April 2011
Volume 52, Issue 14
Free
ARVO Annual Meeting Abstract  |   April 2011
Intravenous Corticosteroid Treatment In Endothelial Corneal Allograft Rejection: Efficacy And Safety
Author Affiliations & Notes
  • Adriano J. Carpizo
    cornea, Fundacion Hospital Nuestra Senora de la Luz I.A.P, mexico city, Mexico
  • Alejandro Babayan-Sosa
    cornea, Fundacion Hospital Nuestra Senora de la Luz I.A.P, mexico city, Mexico
  • Oscar Baca-Lozada
    cornea, Fundacion Hospital Nuestra Senora de la Luz I.A.P, mexico city, Mexico
  • Oscar Fernandez-Vizcaya
    cornea, Fundacion Hospital Nuestra Senora de la Luz I.A.P, mexico city, Mexico
  • Simon Romano-Bucay
    cornea, Fundacion Hospital Nuestra Senora de la Luz I.A.P, mexico city, Mexico
  • Regina Velasco-Ramos
    cornea, Fundacion Hospital Nuestra Senora de la Luz I.A.P, mexico city, Mexico
  • Footnotes
    Commercial Relationships  Adriano J. Carpizo, None; Alejandro Babayan-Sosa, None; Oscar Baca-Lozada, None; Oscar Fernandez-Vizcaya, None; Simon Romano-Bucay, None; Regina Velasco-Ramos, None
  • Footnotes
    Support  None
Investigative Ophthalmology & Visual Science April 2011, Vol.52, 373. doi:
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      Adriano J. Carpizo, Alejandro Babayan-Sosa, Oscar Baca-Lozada, Oscar Fernandez-Vizcaya, Simon Romano-Bucay, Regina Velasco-Ramos; Intravenous Corticosteroid Treatment In Endothelial Corneal Allograft Rejection: Efficacy And Safety. Invest. Ophthalmol. Vis. Sci. 2011;52(14):373.

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      © ARVO (1962-2015); The Authors (2016-present)

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Abstract

Purpose: : To determine the efficacy and safety of intravenous corticosteroid treatment in endothelial corneal allograft rejection

Methods: : This is a comparative study between a control group of patients treated with topical corticosteroid 1% prednisolone acetate only, and a group of patients with an acute endothelial allograft rejection episode. (No longer than eight days) The treatment consisted in 500 mg pulsed intravenous methylprednisolone. A written consent was given. The presence of any adverse event or secondary reaction during treatment was recorded. Follow up treatment was with topical corticosteroid 1% prednisolone acetate. Efficacy of the treatment was defined as the reversal of the rejection episode if the corneal graft was clear and free of edema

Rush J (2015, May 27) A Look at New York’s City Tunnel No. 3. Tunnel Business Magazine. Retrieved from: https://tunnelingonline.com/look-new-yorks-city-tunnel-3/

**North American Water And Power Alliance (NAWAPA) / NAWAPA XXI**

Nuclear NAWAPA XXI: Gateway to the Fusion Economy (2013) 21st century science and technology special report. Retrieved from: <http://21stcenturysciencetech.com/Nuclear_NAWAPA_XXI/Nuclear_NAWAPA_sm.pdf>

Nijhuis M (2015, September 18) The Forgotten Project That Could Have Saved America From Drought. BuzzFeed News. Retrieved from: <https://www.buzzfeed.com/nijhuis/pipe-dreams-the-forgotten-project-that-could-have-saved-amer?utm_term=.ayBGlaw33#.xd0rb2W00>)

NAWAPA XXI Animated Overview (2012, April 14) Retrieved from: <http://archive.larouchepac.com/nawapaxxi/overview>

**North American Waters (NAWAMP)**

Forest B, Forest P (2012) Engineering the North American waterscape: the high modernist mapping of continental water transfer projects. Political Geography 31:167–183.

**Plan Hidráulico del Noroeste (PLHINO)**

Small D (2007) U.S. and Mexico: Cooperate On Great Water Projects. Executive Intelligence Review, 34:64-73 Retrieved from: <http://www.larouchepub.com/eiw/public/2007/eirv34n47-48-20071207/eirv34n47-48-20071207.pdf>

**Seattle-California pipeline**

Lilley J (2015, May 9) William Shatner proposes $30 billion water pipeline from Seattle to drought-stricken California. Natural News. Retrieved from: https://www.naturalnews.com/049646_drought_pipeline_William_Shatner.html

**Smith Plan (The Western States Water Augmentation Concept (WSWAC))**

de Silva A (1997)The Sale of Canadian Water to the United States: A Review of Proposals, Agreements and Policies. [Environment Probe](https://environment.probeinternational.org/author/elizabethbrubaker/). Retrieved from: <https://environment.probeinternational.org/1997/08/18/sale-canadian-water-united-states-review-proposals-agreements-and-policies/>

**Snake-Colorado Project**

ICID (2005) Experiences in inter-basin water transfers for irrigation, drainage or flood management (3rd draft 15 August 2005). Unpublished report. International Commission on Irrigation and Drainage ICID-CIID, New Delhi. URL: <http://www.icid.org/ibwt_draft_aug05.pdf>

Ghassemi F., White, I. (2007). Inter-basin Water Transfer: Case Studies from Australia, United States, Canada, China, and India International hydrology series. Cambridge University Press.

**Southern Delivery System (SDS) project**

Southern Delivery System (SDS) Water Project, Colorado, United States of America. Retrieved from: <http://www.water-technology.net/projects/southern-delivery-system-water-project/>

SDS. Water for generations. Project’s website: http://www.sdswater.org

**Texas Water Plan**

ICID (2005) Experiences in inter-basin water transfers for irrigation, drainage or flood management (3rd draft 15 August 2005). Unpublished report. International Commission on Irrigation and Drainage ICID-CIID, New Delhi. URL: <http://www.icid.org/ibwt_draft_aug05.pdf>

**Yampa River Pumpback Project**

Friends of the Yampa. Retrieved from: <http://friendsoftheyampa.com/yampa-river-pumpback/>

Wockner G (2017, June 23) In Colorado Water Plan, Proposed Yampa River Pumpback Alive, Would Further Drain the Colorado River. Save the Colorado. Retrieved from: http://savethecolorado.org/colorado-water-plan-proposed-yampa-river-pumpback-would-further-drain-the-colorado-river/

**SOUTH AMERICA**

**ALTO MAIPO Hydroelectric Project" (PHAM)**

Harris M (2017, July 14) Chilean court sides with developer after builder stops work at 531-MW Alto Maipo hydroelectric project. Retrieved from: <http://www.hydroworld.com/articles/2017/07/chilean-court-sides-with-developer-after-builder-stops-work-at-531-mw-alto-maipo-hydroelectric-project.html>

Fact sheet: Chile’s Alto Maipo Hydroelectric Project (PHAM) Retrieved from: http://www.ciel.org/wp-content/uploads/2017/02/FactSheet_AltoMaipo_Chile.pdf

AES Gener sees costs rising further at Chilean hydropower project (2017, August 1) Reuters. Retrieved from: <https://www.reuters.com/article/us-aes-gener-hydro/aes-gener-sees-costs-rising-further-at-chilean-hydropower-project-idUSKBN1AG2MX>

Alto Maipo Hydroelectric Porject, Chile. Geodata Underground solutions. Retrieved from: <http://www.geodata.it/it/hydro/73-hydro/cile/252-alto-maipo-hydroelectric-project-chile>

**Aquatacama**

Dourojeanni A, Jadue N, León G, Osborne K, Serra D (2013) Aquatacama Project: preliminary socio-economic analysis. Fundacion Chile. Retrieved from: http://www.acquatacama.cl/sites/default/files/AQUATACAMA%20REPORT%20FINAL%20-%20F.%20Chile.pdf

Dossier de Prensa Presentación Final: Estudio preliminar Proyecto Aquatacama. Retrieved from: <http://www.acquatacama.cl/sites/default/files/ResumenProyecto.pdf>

Results: : Nine patients were treated with 1% topical prednisolone acetate and pulsed intravenous methylprednisolone at the diagnosis of corneal allograft rejection and 11 patients were submitted to topical treatment only. 5 patients (66%) that were submitted to pulsed steroid had a good outcome, 2 patients (22%) presented corneal graft failure, while only 6 patients (55%) that received only topical steroids resulted with clear grafts and 2 patients (18%) with graft failure. No adverse effects or secondary reactions of intravenous methylprednisolone were observed

Conclusions: : This study suggests that the use of 500 mg intravenous methylprednisolone in addition to 1% topical prednisolone acetate presents a faster recovery in symptoms and clinically in reverting corneal allograft rejection when compared to the single use of 1% topical prednisolone acetate. Even though there are problems associated with this route of administration, when safety measures are taken adverse effects are lowered

Clinical Trial: : Fundación Hospital Nuestra Señora de la Luz, IAP, 0

Keywords: cornea: clinical science • corticosteroids 
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